the stories which shaped who we are and what is important to us today
The European Reformation
95 reasons to be grateful!
1662 and all that!
A New Church
United Reformed Church
Being reformed sets us in a stream of tradition that goes back 500 years. In 1517 Martin Luther launched a movement of challenge in the Church that we call the Protestant Reformation.
Changes came quickly. Bibles were translated and printed in languages everybody used (not just in Latin). There was a new emphasis on the importance of the whole church and everybody in it – members and ministers together.
Being reformed is part of our DNA. It reflects our continual aim of reforming ourselves to be a Church for the present day.
Being reformed means that we delight in exploring the Bible, we do not fear change, and we try to run our churches in ways that take everyone’s insight and contribution seriously.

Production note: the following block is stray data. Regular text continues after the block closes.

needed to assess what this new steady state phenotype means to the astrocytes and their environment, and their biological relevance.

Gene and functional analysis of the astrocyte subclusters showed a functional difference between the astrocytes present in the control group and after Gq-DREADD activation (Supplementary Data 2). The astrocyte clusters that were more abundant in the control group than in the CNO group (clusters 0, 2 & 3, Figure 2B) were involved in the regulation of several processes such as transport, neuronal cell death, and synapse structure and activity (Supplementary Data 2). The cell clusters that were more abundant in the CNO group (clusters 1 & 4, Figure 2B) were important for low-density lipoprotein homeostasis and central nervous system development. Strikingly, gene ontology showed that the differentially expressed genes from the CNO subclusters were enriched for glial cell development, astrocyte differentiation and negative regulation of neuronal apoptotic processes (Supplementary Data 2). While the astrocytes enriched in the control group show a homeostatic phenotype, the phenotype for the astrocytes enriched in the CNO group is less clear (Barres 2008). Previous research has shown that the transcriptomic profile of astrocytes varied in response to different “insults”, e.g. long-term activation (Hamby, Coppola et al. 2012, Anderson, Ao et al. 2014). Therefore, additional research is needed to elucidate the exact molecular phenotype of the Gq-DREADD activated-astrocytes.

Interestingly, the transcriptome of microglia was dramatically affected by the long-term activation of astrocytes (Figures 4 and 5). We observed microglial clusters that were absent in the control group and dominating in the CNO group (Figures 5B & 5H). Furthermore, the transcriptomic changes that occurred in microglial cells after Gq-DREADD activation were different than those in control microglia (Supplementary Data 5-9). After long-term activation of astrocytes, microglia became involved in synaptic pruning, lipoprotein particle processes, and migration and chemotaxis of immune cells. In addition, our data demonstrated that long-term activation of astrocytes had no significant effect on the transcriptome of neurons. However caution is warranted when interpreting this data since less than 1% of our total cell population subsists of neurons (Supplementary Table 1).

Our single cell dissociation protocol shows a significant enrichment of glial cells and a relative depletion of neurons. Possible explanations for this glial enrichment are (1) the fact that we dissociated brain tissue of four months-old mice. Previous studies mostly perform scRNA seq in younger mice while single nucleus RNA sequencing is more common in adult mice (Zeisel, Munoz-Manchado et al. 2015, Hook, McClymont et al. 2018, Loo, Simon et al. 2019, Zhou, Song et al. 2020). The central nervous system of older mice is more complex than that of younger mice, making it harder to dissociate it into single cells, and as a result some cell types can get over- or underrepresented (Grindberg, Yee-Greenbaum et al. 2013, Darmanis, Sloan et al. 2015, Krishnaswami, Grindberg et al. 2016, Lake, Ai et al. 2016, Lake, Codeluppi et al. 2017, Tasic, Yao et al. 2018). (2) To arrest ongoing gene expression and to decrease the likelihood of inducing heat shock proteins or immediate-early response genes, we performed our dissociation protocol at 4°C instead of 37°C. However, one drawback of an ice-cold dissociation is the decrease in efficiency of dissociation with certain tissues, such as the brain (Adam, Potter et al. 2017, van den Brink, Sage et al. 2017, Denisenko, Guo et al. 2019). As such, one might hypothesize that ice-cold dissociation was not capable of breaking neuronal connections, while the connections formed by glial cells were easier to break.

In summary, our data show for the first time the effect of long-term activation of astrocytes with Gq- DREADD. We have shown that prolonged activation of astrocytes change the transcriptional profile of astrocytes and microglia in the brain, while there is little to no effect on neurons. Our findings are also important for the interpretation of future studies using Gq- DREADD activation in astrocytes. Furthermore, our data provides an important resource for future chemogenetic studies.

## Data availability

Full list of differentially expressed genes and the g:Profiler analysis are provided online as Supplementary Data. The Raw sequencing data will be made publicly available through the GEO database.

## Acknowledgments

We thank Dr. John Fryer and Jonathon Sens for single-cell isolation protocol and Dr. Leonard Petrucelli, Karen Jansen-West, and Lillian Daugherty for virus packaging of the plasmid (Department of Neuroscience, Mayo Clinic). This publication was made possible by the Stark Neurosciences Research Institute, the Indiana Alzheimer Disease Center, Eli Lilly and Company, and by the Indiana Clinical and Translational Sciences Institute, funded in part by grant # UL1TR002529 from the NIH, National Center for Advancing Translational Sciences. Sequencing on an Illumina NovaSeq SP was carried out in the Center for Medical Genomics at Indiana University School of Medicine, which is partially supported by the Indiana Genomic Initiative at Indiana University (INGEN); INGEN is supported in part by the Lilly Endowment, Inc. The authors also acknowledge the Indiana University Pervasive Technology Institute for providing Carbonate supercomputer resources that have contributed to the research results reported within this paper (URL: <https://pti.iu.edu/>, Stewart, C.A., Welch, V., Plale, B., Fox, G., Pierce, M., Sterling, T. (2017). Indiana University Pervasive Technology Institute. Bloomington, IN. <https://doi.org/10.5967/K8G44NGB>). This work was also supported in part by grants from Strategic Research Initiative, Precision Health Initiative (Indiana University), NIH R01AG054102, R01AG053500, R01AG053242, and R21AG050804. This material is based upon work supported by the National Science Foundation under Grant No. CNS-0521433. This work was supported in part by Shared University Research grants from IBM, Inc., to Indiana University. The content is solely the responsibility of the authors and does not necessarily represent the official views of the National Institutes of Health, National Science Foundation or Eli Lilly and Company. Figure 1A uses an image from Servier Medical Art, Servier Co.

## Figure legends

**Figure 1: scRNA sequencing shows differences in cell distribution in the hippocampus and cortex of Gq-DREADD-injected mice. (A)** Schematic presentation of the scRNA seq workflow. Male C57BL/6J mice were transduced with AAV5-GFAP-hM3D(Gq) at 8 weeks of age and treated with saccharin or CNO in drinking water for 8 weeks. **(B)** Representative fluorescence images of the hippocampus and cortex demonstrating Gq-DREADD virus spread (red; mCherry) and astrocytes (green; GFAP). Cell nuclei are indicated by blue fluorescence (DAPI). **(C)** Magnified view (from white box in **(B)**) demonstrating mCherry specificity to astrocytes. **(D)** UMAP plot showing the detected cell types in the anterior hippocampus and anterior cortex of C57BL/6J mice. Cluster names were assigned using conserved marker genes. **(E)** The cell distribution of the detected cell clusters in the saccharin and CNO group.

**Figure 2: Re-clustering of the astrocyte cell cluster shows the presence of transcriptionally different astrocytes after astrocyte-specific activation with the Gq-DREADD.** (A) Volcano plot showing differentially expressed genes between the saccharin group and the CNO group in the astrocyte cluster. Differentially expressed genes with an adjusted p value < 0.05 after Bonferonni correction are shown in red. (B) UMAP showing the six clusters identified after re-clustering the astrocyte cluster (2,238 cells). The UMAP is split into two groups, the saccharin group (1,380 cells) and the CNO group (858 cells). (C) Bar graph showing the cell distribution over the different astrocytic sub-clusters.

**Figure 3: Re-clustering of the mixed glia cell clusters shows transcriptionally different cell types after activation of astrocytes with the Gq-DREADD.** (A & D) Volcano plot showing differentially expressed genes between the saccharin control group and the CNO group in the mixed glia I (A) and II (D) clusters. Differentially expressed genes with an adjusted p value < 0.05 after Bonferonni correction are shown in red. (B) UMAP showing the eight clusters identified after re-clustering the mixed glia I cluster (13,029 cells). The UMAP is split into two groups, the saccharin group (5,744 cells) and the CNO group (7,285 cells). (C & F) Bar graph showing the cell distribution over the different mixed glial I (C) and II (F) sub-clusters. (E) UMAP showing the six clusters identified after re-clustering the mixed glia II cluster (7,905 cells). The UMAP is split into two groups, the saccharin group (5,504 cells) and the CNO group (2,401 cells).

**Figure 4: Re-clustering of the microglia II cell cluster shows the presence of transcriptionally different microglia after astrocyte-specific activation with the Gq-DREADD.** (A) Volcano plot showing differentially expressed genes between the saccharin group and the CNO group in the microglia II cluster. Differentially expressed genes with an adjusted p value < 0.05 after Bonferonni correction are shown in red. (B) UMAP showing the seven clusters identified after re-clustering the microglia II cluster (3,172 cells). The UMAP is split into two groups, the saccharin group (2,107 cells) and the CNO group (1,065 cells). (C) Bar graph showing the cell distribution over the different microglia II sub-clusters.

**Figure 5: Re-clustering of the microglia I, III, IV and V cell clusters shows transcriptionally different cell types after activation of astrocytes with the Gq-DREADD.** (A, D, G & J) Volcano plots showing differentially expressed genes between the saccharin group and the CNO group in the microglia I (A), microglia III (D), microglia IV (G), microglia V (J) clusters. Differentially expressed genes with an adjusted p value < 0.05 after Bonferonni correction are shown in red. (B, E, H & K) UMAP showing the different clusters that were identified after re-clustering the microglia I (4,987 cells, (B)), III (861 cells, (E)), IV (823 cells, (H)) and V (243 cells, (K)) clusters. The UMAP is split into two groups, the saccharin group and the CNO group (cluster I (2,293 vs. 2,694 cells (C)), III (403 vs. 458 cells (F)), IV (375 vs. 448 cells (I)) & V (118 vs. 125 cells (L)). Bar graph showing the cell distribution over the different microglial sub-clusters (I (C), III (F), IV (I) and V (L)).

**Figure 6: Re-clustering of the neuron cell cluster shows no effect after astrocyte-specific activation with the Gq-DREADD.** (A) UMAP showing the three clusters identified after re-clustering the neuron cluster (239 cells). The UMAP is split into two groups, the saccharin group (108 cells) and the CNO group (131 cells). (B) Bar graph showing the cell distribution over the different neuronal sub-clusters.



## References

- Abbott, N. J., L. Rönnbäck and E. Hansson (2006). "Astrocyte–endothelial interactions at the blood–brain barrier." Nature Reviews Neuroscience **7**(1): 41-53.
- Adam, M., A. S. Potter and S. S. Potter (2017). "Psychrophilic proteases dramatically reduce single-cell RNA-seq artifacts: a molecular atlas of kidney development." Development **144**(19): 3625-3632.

The history of the URC
The creation of the United Reformed Church in 1972 formally merged the Presbyterian Church of England and the Congregational Church in England and Wales. One Member of Parliament at the time described this merger as: “one of the most historic measures in the history of the Christian churches in this country.”
The denomination expanded when Churches of Christ joined it in 1981, followed by Scottish Congregationalists in 2000.
The URC is a nonconformist Church. Put most simply, this means that we are not an ‘established’ Church, with a formal link to civil authority like, for example, the Church of England has.
and However, the URC is committed to working closely with Churches of all traditions, in prayer and social action, and many of our local churches are now united with local churches from other traditions (Methodist, Baptist, Church of England, to name a few).
the United Reformed Church